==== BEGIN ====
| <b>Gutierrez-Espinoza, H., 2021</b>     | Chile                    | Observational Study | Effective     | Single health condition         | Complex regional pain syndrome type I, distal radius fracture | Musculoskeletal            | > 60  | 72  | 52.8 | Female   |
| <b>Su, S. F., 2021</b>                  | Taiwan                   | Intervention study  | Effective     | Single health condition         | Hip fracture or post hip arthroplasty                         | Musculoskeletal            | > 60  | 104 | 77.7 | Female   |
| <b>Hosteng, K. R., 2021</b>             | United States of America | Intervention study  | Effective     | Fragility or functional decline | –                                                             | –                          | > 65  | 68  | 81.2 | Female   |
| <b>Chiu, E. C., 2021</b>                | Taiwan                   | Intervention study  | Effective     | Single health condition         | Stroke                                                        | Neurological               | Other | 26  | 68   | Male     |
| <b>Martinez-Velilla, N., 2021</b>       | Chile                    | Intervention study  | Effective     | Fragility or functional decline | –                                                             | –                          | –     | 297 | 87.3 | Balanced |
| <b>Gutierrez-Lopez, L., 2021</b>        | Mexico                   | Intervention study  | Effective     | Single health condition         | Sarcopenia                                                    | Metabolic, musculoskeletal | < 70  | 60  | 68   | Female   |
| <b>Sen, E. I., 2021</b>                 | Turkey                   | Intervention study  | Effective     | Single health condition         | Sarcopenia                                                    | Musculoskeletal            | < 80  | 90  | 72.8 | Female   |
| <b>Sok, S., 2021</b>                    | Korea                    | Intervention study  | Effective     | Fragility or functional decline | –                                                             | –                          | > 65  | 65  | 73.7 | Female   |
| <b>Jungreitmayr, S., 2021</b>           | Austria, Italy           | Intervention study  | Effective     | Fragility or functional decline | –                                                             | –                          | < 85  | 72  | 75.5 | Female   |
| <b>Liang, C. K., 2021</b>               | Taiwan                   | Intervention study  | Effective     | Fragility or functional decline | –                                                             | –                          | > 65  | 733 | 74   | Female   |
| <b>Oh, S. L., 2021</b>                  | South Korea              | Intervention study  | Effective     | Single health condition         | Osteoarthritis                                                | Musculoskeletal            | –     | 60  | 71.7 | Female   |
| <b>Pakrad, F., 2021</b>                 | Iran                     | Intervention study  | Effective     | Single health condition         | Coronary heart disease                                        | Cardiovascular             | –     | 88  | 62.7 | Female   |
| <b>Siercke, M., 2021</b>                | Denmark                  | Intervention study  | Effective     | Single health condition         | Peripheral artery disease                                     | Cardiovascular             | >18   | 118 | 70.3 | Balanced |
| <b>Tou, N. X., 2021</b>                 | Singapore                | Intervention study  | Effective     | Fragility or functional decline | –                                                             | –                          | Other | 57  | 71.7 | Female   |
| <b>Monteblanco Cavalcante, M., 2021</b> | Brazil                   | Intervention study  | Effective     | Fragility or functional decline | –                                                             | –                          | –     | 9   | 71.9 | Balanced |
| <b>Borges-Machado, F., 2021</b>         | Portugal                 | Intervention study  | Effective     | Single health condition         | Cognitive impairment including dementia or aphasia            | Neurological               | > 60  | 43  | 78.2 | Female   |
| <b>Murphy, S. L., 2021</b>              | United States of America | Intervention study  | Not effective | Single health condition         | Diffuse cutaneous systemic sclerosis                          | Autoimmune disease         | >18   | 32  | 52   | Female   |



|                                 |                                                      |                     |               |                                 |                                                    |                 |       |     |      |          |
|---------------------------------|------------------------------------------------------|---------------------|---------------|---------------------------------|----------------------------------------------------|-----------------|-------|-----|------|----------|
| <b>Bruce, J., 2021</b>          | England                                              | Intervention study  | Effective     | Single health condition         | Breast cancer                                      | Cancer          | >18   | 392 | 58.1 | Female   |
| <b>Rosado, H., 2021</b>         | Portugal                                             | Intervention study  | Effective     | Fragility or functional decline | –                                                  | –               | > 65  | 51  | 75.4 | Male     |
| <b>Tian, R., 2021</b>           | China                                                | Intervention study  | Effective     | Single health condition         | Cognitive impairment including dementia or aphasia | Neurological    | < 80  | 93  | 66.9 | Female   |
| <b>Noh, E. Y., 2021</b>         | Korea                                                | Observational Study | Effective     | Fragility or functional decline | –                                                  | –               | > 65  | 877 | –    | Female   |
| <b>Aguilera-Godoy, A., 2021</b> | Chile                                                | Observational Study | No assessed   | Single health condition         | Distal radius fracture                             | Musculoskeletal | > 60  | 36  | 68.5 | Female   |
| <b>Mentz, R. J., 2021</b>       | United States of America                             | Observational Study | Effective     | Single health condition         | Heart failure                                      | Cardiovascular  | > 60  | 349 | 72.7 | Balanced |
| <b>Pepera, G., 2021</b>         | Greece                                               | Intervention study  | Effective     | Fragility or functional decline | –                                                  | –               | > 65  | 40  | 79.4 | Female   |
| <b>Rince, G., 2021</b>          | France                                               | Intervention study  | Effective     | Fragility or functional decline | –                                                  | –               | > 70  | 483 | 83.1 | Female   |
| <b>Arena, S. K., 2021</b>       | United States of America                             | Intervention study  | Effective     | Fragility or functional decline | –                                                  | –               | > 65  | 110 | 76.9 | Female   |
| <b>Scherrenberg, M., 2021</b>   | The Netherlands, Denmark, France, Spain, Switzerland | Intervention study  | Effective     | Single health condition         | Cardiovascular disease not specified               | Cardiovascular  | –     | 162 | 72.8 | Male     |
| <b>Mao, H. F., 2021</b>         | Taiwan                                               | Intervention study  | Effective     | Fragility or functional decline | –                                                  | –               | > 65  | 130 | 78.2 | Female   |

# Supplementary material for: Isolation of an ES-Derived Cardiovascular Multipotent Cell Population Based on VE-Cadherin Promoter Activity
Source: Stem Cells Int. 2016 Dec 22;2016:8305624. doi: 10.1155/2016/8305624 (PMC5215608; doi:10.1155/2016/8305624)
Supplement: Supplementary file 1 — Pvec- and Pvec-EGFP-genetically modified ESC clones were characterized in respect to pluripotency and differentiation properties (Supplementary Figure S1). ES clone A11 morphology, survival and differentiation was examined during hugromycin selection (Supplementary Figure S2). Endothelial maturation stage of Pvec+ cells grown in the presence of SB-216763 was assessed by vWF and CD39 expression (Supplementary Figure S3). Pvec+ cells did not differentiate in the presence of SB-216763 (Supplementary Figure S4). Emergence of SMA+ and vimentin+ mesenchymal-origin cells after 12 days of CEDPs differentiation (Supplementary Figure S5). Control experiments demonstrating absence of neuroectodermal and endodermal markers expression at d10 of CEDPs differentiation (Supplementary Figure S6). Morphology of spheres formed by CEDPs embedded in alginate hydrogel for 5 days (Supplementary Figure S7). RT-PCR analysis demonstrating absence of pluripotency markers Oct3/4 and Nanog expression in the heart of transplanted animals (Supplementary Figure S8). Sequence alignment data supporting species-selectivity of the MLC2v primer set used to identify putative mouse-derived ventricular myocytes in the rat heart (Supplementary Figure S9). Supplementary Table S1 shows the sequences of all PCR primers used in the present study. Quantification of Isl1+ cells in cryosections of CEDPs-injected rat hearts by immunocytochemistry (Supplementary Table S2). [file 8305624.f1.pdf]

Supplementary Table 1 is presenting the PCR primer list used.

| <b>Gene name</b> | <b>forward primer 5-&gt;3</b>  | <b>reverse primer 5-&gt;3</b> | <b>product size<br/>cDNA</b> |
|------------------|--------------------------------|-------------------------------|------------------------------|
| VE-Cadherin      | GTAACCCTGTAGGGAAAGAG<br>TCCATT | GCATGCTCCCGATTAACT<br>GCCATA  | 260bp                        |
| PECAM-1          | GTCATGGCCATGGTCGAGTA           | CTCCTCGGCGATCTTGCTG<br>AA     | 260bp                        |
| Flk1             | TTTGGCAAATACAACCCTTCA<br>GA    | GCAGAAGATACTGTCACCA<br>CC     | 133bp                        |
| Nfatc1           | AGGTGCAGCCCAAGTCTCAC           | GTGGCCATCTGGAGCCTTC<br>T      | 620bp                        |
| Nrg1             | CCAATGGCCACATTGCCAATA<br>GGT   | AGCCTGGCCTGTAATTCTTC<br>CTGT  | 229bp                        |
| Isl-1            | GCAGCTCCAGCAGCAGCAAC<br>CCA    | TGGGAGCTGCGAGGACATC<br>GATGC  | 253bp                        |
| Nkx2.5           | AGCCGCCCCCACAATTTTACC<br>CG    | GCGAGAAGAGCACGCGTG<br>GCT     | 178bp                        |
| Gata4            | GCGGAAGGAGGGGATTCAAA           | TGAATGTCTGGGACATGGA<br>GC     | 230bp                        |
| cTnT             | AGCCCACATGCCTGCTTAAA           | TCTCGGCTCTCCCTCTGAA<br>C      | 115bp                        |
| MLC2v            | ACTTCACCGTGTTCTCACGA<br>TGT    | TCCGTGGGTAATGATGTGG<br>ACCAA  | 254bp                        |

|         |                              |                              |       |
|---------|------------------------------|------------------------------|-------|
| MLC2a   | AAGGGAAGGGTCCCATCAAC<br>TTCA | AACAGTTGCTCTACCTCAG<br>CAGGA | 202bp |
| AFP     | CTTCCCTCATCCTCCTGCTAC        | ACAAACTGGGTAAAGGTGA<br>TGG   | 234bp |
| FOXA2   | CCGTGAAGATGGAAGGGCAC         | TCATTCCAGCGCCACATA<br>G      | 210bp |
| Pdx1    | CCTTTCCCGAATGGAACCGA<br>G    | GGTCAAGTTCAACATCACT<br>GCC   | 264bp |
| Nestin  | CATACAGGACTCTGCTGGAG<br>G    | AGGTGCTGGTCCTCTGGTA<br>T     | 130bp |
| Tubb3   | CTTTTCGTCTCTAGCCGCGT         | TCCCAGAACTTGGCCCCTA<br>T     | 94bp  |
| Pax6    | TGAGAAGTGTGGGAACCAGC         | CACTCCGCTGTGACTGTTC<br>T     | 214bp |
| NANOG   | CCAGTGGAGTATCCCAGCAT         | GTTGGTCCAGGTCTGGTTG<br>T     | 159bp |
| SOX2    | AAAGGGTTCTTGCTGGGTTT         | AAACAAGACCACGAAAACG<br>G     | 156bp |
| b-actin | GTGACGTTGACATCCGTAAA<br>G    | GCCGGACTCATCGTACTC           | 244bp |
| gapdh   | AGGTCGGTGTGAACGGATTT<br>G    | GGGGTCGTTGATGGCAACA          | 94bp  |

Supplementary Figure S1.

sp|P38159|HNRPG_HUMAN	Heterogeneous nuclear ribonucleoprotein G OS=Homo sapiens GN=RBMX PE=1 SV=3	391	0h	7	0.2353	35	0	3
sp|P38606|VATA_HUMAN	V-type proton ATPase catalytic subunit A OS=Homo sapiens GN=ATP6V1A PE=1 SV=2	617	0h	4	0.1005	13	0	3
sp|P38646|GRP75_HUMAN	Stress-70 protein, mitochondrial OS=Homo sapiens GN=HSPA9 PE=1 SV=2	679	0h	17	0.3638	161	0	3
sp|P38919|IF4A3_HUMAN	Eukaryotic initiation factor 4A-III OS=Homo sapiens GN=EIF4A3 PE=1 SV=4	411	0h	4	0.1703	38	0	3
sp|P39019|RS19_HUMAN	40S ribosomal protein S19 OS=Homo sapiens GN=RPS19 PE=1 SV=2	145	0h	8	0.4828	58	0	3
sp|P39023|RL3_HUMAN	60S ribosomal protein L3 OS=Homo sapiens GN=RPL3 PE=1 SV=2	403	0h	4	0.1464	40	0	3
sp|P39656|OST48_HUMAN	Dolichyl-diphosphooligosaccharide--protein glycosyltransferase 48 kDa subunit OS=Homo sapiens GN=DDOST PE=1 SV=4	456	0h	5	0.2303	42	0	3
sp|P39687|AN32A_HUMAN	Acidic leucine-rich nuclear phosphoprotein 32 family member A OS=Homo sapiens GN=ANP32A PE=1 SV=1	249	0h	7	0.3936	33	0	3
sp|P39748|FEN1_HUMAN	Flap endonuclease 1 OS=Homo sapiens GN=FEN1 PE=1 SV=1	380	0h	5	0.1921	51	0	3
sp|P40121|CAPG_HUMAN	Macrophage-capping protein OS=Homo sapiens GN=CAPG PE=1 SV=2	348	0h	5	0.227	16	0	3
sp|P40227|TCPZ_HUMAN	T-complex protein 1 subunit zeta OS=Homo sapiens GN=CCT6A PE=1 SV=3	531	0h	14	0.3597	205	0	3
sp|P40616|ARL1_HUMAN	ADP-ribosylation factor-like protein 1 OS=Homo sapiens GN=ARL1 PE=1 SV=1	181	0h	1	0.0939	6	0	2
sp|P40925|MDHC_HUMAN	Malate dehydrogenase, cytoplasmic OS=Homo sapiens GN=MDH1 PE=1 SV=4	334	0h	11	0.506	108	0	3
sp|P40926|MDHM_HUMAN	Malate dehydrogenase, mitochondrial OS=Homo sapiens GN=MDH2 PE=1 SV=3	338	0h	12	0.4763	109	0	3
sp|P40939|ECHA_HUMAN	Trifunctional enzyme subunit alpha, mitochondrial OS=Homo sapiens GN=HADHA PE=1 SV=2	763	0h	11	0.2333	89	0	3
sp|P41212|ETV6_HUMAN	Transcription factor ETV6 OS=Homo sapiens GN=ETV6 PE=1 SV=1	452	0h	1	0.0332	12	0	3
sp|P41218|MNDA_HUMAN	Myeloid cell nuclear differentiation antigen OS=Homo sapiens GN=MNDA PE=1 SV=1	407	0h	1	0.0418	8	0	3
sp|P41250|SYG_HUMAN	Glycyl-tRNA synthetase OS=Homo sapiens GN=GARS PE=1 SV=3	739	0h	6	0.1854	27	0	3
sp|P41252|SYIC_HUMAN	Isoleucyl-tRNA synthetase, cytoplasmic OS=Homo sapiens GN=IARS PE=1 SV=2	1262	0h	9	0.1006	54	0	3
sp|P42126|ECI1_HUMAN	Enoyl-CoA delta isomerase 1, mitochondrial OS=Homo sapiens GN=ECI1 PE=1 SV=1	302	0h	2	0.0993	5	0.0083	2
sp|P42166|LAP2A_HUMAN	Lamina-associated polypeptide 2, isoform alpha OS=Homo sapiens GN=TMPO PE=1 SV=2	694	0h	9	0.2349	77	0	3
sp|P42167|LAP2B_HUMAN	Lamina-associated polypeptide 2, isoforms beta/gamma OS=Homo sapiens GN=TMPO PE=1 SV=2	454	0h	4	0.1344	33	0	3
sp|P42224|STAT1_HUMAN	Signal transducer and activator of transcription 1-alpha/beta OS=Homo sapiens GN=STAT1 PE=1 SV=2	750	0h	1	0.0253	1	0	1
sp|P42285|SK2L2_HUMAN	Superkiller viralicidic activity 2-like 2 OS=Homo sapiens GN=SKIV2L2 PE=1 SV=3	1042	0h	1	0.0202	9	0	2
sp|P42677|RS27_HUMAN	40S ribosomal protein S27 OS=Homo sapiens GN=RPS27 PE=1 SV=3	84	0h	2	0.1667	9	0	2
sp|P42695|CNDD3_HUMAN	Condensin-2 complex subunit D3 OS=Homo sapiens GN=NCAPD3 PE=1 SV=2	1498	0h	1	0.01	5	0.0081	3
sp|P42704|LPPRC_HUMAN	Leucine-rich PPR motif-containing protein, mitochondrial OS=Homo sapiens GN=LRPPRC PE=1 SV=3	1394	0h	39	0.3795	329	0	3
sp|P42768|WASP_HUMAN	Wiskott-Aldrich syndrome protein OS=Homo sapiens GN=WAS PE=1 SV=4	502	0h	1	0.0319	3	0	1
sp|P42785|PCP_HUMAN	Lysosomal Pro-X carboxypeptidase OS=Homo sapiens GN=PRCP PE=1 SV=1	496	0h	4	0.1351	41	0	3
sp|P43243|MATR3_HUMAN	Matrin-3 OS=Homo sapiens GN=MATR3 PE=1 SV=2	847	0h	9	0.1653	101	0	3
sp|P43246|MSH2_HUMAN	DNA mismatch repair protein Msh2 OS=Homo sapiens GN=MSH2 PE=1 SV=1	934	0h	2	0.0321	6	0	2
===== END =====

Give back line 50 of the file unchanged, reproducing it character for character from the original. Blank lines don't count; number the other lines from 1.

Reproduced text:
| AFP     | CTTCCCTCATCCTCCTGCTAC        | ACAAACTGGGTAAAGGTGA<br>TGG   | 234bp |